The UNDP/GEF project also foresees some investments to lining of interdistrict canals for reduction of water losses and land salinization, which happens due to the excessive watering of the fields. In the past, UNDP/Adaptation Fund project “Addressing Climate Change Risks to Farming Systems in Turkmenistan at National and Community Level” has proved and demonstrated to the local farmers of Mary and Ahal regions that rational irrigation and use of fertilizers allows preventing salinization of the soil and thus, longer use of the fields for irrigated farming.
The experience has been adopted in Kaahka as well, where the project prevents infiltration of the water, teaches farmers irrigation technics tested in the Geokdepe research site and monitors the levels of salinization of the soil and the underground water levels.
First of its kind in Turkmenistan, the Geokdepe research site of 145 ha allows testing irrigation technics for the needs of irrigated farming spread throughout Turkmenistan. In Geokdepe, experts from the National water research institute together with UNDP, GEF specialists and young researchers of the National academy of sciences test various types of irrigation technology which provides a new opportunity for full integration of supply, delivery, and end use of water.
At the research site, specialists experiment with land use and water supply and collect informational feedback from “smart” irrigation systems to observe how to reduce pumping when irrigation needs are low, thus lowering consumption of both water and electricity. In particular, the project has installed dripping irrigation, sprinkler, and traditional furrow irrigation systems and planted first trees and other plants testing various irrigation methods throughout the year. The results generate the innovations that dramatically reduce water loss, reduce energy consumption for pumps, increase yield per hectare and thereby reduce the labor, material and energy needed per unit of crop yield.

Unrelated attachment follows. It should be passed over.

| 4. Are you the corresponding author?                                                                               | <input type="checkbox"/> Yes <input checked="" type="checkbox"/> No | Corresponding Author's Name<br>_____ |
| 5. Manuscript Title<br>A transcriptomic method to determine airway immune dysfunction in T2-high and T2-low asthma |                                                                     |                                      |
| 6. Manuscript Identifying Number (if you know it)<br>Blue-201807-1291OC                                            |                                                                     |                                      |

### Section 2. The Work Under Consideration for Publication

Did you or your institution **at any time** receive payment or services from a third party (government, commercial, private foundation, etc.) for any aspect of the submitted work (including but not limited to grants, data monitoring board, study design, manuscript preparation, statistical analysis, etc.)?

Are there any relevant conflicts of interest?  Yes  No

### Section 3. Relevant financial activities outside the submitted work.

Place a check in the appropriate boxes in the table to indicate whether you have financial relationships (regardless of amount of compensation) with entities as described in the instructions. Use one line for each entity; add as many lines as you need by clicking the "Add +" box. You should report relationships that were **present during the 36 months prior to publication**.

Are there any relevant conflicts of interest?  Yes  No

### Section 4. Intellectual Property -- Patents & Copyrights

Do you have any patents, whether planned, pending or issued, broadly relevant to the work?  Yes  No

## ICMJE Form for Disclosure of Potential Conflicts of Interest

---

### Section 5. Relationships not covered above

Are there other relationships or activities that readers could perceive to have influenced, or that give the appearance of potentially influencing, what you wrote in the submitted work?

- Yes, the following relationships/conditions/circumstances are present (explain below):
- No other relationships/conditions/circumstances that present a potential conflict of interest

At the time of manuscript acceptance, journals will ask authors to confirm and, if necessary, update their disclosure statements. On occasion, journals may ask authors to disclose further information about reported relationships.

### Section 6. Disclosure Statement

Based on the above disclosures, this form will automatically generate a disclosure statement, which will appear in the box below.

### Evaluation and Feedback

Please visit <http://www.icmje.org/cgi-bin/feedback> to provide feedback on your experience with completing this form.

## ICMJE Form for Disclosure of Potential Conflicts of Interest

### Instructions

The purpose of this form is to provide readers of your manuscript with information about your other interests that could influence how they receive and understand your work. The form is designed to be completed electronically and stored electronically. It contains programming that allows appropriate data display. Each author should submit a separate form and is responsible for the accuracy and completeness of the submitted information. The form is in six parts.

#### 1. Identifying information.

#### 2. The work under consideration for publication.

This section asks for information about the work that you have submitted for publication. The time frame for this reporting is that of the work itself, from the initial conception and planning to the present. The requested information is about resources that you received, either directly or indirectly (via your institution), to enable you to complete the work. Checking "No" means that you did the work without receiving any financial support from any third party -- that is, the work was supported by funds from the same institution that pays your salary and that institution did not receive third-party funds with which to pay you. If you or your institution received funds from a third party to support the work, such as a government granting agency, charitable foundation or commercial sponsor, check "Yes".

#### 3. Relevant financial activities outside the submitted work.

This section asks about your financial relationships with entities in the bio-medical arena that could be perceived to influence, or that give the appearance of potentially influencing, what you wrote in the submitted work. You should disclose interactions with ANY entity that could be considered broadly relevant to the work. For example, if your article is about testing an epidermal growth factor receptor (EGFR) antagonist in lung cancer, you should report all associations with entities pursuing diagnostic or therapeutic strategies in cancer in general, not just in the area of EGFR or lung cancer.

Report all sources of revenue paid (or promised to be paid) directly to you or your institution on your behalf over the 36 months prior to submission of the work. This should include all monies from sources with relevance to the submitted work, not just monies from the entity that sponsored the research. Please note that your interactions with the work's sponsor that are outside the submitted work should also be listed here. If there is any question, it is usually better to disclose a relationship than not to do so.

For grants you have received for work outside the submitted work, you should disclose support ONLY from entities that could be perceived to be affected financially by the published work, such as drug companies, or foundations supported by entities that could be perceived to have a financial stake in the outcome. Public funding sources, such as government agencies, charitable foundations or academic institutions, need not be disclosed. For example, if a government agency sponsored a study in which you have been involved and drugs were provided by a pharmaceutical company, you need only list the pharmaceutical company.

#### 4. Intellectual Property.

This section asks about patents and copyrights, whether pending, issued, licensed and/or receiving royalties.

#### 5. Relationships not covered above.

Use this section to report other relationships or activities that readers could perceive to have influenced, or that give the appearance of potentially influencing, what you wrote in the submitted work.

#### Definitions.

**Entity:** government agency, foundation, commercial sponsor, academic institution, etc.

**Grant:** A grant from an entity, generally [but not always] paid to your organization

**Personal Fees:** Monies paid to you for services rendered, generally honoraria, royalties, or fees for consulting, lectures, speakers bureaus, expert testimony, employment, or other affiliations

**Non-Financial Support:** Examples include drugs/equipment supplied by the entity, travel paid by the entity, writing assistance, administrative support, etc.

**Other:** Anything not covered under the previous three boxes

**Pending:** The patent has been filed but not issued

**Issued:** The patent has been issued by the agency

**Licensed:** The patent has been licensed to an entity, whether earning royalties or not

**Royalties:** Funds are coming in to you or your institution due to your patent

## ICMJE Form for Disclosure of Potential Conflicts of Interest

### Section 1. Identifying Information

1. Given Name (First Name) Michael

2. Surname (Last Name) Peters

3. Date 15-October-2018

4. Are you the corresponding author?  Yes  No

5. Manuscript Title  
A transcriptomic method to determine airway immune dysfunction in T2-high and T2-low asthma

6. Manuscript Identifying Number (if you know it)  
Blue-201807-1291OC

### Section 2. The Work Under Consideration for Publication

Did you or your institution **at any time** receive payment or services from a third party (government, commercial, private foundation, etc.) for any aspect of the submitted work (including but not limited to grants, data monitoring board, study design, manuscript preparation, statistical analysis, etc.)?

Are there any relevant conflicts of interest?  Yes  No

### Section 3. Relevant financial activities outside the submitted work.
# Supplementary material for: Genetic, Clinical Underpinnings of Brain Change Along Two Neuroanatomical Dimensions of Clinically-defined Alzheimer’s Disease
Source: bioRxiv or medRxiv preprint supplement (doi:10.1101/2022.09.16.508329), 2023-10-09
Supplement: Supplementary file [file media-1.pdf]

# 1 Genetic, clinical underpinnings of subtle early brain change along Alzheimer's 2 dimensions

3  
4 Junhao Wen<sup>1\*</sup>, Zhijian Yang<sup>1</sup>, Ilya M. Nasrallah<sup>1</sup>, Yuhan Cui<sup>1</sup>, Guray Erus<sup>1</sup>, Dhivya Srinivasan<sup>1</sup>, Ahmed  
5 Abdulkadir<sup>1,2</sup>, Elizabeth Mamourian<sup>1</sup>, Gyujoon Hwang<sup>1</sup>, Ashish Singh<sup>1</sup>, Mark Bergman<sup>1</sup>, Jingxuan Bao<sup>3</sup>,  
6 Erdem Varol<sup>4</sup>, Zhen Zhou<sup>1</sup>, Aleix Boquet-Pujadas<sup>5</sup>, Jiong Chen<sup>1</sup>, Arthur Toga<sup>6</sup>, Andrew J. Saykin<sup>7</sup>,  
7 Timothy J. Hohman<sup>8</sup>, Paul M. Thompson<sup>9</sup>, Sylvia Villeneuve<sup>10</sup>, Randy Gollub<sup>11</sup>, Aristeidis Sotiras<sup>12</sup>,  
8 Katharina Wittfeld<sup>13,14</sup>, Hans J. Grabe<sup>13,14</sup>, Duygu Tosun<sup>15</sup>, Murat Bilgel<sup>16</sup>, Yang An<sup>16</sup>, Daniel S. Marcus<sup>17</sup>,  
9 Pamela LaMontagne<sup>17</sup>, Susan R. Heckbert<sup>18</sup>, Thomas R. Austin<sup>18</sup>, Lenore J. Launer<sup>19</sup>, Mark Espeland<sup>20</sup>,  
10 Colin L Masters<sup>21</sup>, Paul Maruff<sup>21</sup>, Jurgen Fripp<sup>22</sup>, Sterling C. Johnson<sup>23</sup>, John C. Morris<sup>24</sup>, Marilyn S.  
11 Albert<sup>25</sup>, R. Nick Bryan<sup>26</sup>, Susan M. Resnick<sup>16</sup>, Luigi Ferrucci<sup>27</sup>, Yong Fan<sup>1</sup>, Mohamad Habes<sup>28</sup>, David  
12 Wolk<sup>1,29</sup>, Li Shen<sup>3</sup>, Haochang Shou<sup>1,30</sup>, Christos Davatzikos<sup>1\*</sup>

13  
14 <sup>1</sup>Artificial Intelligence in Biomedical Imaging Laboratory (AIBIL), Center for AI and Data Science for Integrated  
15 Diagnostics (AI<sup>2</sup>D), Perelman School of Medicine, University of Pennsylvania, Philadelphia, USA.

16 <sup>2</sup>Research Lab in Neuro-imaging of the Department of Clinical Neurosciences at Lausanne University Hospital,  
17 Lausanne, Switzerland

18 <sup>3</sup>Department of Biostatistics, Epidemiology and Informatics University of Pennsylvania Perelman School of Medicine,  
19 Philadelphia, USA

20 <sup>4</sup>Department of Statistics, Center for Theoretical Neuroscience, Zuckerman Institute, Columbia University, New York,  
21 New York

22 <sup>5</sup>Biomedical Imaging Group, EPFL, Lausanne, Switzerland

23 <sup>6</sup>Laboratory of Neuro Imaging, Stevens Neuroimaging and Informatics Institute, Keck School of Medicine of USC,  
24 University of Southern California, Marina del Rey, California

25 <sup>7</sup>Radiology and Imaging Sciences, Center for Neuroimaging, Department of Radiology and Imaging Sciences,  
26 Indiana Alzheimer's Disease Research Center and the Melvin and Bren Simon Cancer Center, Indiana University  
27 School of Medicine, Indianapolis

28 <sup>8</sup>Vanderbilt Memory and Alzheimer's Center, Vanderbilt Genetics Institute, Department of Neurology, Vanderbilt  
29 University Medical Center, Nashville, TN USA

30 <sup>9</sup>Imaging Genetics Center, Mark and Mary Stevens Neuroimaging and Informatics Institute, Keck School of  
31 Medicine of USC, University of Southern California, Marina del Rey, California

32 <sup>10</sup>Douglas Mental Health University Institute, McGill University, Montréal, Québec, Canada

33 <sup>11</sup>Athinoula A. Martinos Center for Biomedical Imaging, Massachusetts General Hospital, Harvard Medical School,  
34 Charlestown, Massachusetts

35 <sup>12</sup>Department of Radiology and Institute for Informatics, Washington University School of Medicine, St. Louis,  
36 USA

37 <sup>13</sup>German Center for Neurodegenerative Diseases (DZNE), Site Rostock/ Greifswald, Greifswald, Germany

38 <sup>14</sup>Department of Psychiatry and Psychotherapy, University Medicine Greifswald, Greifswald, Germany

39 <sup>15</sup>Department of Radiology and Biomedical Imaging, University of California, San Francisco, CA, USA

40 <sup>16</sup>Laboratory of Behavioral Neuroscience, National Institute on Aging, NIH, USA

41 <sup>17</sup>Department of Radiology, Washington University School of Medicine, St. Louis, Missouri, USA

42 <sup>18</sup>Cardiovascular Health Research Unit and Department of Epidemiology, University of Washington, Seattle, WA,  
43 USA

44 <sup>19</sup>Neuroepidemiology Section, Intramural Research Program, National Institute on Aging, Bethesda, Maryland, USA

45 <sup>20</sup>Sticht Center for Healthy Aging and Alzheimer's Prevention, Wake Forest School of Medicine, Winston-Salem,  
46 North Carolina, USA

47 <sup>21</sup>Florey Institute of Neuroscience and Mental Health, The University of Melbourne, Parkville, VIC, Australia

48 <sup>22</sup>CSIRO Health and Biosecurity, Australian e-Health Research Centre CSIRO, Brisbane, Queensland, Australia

The project also builds of the experience and feedback from the local farmers engaged into the UNDP/Adaptation Fund project where UNDP and Adaptation Fund have built the capacity of the local farmers for independent and efficient water and land management, dealing with the effects of climate change and adopting world’s best experiences in the field of irrigated agriculture and nature solutions.
“We became more efficient and see more results from the use of the technology introduced by the UNDP project. In the past, we fought for the water because we didn’t know how much we need it and we often overused it in the fields. Now, we are more careful with the irrigation. People from the local villages come to see how we work and learn from us,” shared Ogultuvak Meredova, a local farmer in Sakarchaga, Mary pilot region of UNDP/Adaptation Fund project.
Using the results of the research in Geokdepe, UNDP will be able to provide policy recommendation and ensure scaling up of the results of its work.
On the top of the listed actions, UNDP / GEF project holds seminars for local farmers and staff of the relevant national agencies, presenting innovative technologies and international best practices in efficient irrigation techniques in agriculture.